Cynicism prevailed; faith in the state as a positive mechanism for economic progress and democracy was at an all-time low, all but shattered, as was any popular support for Islamic fundamentalism. So it remains a decade later. The root causes of Algeria’s crisis had been side-tracked. Too much bloodshed on all sides had been spilt.
Then in short order, two carefully written, well documented books appeared which put a considerable amount of meat on the bony contention of high level military and/or security apparatus complicity with the Islamic militant opposition. Together they were nothing short of a powerful intellectual one-two punch at the military junta’s mid-section.
Both were published by well-respected French publishing houses (Editions la Découvertes and Folio-Actuel – which is owned by Gallimard; Les Editions DeNoel), both written by former members of Algeria’s counter-intelligence unit. Habib Souaïdia’s La Sale Guerre (The Dirty War) first appeared in 2001 and was reprinted the next year. Mohammed Samraoui’s equally devastating Chronique des Années de Sang (Chronicle of the Years of Bloodshed) followed in 2003.
Originally from Tebessa in Eastern Algeria, some 40 miles from the Tunisian border, Habib Souaïdia is a former officer in the Algerian Army Special Forces unit who received his military training at Algeria’s exclusive Cherchell Military Academy, some 55 miles west of Algiers, the capitol. There he was trained to be a tank commander. Graduated as a second lieutenant, in 1992 he was recruited into the army’s anti-subversion unit. It was his participation in that unit that he came to have grave doubts about the army’s role.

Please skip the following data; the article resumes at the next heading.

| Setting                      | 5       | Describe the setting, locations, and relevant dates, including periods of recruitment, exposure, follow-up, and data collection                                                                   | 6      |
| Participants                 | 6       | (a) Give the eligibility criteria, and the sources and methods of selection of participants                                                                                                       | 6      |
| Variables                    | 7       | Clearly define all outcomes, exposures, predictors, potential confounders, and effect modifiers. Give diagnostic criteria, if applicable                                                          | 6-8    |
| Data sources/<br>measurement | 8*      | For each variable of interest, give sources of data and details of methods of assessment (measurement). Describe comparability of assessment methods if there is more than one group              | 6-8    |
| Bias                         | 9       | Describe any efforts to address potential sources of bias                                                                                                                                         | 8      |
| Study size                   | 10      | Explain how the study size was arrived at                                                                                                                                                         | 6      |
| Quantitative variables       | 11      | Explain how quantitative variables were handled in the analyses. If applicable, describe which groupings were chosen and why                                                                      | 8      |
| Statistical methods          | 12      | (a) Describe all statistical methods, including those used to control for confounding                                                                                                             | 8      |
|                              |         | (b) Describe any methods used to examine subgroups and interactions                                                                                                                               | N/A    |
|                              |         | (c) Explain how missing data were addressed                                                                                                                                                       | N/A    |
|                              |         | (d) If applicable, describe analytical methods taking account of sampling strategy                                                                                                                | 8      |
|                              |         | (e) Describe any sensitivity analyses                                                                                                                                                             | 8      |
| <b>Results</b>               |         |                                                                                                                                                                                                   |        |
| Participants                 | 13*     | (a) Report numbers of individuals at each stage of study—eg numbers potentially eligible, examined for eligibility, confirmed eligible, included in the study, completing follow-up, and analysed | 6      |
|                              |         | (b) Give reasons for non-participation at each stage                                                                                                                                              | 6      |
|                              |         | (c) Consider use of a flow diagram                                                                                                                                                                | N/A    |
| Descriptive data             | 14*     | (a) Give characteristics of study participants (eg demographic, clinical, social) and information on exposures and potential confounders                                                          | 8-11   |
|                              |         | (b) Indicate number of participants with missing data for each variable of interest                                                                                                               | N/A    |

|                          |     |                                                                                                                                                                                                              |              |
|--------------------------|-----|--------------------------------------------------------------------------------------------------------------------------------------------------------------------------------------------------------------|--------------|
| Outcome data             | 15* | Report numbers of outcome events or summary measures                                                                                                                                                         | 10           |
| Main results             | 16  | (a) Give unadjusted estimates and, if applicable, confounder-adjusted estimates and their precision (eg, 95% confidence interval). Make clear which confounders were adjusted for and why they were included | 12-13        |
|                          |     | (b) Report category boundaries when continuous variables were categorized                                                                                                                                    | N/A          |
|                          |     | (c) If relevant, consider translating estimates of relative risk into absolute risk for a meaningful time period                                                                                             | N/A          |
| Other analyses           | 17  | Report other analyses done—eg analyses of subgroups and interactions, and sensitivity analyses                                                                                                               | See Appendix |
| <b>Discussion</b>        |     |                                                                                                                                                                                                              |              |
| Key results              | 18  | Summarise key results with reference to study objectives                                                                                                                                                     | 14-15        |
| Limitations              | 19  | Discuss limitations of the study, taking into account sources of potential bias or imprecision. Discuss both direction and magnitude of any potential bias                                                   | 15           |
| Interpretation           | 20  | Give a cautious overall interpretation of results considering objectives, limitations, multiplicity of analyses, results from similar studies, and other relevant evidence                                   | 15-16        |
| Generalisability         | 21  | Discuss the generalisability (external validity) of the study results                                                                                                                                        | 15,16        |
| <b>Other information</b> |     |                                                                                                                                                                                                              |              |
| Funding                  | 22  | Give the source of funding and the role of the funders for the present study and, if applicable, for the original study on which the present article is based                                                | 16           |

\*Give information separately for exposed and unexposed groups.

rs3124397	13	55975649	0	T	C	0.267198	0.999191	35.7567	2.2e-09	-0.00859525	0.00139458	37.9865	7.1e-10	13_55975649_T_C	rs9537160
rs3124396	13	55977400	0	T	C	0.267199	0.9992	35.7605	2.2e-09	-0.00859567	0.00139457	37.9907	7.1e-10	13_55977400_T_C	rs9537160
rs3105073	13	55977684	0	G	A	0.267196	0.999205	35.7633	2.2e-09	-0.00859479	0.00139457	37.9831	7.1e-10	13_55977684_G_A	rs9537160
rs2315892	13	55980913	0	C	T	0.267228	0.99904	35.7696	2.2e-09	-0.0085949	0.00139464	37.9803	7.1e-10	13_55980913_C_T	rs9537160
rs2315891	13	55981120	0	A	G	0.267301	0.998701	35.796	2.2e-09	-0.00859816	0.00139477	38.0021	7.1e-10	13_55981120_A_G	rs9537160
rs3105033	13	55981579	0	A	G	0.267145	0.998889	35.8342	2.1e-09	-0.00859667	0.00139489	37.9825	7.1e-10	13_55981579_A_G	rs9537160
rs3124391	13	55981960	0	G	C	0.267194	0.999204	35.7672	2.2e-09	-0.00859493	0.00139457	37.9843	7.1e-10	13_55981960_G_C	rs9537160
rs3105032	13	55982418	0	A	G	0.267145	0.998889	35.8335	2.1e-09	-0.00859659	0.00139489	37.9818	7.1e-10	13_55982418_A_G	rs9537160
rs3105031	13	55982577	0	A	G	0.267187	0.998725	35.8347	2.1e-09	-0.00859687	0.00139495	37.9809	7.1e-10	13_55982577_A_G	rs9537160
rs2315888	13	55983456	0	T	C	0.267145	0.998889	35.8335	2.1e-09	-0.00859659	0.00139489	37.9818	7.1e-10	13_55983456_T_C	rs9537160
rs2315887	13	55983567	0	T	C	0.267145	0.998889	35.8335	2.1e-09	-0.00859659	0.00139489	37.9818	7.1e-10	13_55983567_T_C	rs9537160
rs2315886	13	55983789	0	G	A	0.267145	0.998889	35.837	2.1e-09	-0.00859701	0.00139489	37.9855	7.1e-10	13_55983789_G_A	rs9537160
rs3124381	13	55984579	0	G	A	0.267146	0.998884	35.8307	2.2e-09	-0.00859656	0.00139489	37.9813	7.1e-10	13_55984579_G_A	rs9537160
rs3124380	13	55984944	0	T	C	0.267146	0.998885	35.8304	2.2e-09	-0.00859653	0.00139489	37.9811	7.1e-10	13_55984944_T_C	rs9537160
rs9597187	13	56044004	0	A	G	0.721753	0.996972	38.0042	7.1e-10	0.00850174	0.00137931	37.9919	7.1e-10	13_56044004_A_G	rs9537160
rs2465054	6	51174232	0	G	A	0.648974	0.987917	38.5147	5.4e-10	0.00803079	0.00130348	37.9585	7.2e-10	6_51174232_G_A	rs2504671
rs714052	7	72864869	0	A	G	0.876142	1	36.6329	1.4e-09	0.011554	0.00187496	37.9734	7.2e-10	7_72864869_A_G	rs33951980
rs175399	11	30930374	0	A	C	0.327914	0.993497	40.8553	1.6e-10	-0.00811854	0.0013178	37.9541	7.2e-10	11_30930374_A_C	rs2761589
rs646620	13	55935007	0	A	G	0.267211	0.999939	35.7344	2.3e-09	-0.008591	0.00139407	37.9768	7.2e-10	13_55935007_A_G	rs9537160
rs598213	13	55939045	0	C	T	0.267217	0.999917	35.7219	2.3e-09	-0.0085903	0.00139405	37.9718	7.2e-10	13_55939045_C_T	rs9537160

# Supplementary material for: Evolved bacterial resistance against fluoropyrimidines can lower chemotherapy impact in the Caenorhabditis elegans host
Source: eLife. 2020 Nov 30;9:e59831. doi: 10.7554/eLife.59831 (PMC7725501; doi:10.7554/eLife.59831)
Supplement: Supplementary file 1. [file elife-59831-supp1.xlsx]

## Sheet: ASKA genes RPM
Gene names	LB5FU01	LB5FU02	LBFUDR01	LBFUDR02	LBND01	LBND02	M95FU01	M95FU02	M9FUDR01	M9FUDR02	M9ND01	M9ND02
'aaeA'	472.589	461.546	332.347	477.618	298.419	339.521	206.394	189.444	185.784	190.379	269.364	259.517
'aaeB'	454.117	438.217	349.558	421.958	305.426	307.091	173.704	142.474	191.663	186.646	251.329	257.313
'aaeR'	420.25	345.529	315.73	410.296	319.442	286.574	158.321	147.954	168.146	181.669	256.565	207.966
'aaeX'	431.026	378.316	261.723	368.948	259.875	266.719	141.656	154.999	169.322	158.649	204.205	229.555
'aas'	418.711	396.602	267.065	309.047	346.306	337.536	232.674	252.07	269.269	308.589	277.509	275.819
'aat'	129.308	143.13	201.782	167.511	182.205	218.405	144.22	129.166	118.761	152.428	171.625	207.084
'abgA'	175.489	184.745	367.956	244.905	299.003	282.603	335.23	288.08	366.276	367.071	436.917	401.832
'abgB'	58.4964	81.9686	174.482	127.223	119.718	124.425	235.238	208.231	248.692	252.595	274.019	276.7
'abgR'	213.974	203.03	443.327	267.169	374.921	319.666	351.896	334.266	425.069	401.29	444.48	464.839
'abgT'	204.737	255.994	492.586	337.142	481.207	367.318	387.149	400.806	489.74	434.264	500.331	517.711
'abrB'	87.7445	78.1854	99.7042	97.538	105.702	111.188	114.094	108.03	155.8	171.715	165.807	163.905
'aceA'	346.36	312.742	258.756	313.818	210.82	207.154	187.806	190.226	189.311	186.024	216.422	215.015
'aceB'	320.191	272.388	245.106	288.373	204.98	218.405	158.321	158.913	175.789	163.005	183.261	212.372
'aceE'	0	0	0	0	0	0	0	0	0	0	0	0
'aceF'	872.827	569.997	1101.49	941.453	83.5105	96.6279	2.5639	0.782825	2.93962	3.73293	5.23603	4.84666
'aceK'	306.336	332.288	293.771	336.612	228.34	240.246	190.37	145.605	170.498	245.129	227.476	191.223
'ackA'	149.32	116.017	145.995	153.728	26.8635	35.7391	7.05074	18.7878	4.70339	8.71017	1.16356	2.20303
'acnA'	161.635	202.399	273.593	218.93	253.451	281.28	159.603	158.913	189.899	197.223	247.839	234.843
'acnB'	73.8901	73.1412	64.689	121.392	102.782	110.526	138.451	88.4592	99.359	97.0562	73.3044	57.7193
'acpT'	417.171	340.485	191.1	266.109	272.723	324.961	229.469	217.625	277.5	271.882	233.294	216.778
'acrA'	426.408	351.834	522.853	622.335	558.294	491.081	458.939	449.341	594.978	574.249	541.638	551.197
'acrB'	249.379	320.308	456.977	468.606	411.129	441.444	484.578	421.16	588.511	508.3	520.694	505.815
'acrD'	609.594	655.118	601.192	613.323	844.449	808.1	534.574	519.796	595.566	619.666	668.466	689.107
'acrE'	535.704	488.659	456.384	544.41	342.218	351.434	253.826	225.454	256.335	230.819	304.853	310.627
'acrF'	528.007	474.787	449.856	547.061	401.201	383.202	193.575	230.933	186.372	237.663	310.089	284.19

As described in La Sale Guerre, soon after having joined the special forces anti-terrorism unit, Souaïdia concluded that the terrorist groups were thoroughly infiltrated and manipulated by the Algerian secret service itself – referred to as the DRS (Départment de Renseignement et de la Securité – The Inforamtion and Security Department). The special forces / secret services / anti-subversion unit, controlled by the Ministry of Interior, had, along with military intelligence, exclusive responsibility for anti-terrorist operations.
Souaïdia alleges that many of the crimes blamed on Islamic terrorists were in fact the work of the armed forces. Specifically he accused the military of having committed two massacres, at Bentalha and Rais, and trying to place the blame on Islamic militants. Refusing to take part in what he believed to be war crimes, Souaïdia fast became a threat to the powers that be; he was arrested on charges of having stolen car parts from a military warehouse and served four years in prison (1995-1999). He barely was able to escape alive to Europe shortly thereafter.
The 2001 publication of Souaïdia’s book was nothing short of a political bombshell exploding in the lap of Algeria’s ruling High Council of State. The portrait painted of Khaled Nezzar’s role was especially damning. But that was just the first blow. Strengthening the case, Souaidia’s hypothesis was defended by Ferdinando Imposinato, at the time the honorary vice president of Italy’s High Court of Appeal, in the introduction to the book.